Building a better mousetrap with Legos

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You don’t have to go any further than a holiday camp at the La Mesa Recreation Center (LMRC) to feel like the younger generation is having more fun than it’s predecessors – while getting smarter in the process. 

You don’t have to go any further than a holiday camp at the La Mesa Recreation Center (LMRC) to feel like the younger generation is having more fun than it’s predecessors – while getting smarter in the process. 

Play-Well TEKnologies set up shop with their Lego camp at the LMRC in late December/early January as they have done in years past with sessions for local children. From the outside looking in, 5 to 14-year-olds look like they’re playing with the toy pieces known as Legos. But under the direction of Play-Well’s Nick Diaz and Mike Sidebottom, the children were engaged in much more complex activities. “They learn critical thinking, engineering and problem solving, with Legos as the medium,” said Diaz, who has been with Play-Well for four years. It’s not as silly as it sounds, in fact, it required quite a bit of hands-on as well as intellectually demanding work to accomplish the camper’s goal, which was to create and program a Lego robot.

The Lego camp was a week long, with New Year’s Day off. The camp’s laid-back atmosphere might have been enjoyable, but it challenged even the most tech-savvy campers. The kids laughed and bonded, scooted happily on their knees after their robots, but had to constantly stop and make adjustments to their robots with the Lego Mindstorm software, on which they programmed their robots.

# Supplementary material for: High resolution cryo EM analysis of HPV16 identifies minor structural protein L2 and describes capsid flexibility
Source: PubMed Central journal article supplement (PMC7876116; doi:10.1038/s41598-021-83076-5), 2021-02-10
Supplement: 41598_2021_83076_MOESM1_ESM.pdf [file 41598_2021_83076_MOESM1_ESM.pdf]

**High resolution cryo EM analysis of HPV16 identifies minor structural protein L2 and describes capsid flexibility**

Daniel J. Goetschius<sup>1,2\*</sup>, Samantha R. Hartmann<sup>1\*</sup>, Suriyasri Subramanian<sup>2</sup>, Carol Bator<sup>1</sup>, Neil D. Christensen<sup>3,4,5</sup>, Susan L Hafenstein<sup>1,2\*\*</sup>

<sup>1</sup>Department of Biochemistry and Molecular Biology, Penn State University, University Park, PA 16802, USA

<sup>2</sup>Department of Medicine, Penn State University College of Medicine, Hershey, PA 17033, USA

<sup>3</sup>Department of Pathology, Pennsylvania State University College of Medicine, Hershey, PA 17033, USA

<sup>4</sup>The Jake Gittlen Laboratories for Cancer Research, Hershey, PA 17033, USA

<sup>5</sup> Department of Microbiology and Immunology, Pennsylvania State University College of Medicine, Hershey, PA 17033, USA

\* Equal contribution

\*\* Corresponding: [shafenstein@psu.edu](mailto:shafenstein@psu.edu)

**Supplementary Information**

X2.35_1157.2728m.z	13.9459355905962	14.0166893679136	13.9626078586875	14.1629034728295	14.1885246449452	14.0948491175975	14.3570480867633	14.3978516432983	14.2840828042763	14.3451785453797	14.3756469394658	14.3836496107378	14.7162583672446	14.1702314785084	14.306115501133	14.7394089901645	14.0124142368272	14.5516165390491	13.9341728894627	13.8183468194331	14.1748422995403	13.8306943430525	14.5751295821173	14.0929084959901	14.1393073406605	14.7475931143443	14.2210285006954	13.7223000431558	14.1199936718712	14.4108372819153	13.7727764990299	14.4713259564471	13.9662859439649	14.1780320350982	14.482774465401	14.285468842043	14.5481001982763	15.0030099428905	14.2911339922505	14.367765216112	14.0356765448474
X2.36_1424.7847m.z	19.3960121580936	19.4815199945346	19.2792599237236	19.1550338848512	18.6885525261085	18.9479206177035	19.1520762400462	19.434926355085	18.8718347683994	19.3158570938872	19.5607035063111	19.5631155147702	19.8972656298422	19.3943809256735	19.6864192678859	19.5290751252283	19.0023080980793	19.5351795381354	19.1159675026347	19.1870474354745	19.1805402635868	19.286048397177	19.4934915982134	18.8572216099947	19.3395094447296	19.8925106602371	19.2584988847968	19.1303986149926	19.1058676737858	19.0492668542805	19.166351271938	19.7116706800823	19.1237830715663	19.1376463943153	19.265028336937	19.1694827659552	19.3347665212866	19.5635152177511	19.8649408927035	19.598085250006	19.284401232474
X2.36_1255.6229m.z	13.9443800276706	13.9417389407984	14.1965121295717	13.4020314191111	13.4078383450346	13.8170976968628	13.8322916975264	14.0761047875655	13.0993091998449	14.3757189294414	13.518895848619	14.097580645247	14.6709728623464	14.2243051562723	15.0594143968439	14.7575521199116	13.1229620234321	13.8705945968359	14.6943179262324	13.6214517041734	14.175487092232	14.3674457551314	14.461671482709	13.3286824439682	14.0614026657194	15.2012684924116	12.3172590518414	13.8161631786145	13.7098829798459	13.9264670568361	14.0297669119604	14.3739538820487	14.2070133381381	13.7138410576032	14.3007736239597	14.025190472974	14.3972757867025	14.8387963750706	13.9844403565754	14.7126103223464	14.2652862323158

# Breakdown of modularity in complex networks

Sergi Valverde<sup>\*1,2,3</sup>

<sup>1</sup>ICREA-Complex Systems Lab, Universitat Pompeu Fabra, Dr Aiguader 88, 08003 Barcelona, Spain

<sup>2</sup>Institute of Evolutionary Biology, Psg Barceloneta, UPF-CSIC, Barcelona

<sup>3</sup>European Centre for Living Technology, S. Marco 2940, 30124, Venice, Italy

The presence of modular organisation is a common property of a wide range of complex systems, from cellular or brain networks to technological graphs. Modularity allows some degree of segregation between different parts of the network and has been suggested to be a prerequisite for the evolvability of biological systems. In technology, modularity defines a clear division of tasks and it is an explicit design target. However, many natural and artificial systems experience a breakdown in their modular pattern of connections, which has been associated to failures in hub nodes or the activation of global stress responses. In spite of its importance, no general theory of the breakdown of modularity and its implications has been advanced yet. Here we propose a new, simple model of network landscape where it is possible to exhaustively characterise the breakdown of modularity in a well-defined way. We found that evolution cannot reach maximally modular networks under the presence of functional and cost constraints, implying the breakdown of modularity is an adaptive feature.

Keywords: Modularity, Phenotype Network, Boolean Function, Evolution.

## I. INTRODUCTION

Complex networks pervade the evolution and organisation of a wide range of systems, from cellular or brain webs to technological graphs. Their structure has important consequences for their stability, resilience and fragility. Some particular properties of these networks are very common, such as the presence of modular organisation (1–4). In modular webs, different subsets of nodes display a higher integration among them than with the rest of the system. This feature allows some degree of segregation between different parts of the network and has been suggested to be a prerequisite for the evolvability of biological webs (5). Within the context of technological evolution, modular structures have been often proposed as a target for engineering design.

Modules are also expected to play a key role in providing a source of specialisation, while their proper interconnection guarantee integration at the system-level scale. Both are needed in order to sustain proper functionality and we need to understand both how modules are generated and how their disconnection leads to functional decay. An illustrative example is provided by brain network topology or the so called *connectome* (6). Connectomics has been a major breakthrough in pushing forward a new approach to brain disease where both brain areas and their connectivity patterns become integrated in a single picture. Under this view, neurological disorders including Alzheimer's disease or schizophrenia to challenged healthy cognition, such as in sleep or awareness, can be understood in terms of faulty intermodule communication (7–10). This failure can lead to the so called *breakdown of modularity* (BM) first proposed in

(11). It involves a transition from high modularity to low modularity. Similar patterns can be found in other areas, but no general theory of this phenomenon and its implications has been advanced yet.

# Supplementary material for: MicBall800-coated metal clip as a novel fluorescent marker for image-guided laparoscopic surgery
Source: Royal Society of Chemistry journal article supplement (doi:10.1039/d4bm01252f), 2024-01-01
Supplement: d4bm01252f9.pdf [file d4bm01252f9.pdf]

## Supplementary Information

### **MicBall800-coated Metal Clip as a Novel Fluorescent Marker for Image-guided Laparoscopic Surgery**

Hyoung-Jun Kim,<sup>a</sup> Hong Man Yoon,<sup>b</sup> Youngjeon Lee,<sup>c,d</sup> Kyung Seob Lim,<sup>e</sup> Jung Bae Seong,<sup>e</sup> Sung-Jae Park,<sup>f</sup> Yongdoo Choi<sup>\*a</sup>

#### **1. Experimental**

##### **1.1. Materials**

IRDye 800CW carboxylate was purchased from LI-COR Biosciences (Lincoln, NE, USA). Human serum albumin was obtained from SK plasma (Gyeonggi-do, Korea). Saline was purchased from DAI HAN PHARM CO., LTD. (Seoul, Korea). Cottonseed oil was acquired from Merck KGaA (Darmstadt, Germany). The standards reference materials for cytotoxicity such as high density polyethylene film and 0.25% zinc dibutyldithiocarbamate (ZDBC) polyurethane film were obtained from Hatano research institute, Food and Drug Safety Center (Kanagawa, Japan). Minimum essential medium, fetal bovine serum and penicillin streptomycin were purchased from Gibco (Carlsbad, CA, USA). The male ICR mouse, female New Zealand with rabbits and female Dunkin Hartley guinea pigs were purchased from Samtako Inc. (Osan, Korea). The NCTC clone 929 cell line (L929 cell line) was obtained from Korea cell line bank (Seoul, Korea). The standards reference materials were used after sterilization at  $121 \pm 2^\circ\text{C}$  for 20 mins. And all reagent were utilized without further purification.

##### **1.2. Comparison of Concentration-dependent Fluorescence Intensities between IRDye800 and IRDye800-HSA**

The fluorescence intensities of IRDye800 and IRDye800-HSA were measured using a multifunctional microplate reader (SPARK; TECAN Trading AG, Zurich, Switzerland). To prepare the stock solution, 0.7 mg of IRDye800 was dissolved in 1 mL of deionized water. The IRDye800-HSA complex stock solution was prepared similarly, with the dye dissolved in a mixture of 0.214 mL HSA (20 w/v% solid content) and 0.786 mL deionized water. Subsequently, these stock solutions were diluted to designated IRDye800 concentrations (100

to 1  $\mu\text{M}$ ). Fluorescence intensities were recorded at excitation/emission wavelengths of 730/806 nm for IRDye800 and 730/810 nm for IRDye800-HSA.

In the morning session from 9:00 a.m. to noon, children ages 5-9 learned to build with Legos. In the afternoon camp from 1:00-4:00 p.m., kids ages 9-14 learned to program what they built with devices that will respond to commands. Campers chose sensor inputs that enabled the robots to respond to sound, color, distance, and to move.  “The way that whales and bats echolocate, this sensor kind of does the same thing,” said Diaz, holding up an ultrasonic sensor. 

The campers displayed frustration to total elation while using their own mind power to get a machine to do what they wanted.

“When the sensors are involved, they have to manage input and output. They engineer the software aspect. This is where they learn that it’s not just about the hardware building part of it,” said Sidebottom. “But that once you build something, you need to be able to tell it what to do so it can function on it’s own.” 

The idea for Play-Well was born of one person’s curiosity about how things worked – a television – taking it apart, putting it back together, and then teaching that basic engineering in a classroom, Diaz explained. That curiosity took off, and now Play-Well has camps and classes in Southern California as well as nationwide, even a hub in Paris, France.  

Use of play as a tool for problem solving is successful, and Play-Well held corporate events. They also do birthday parties and have activity centers in California and Washington.

The camp was a mix of girls and boys, from elementary school to middle school aged kids. When asked what the best thing about Lego camp was, “building stuff,” was the most common response, as the children were busy programming, testing and re-programming their robots. There was no stereotypical, engineering-type kid that made up the majority at the Lego camp. The learning of complex systems was allowed to take a non-pressured pace, with some campers working in groups, others individually. It was camp for Gen Y, for whom technology is the common denominator and equalizer, while the need for play is still the great unifier.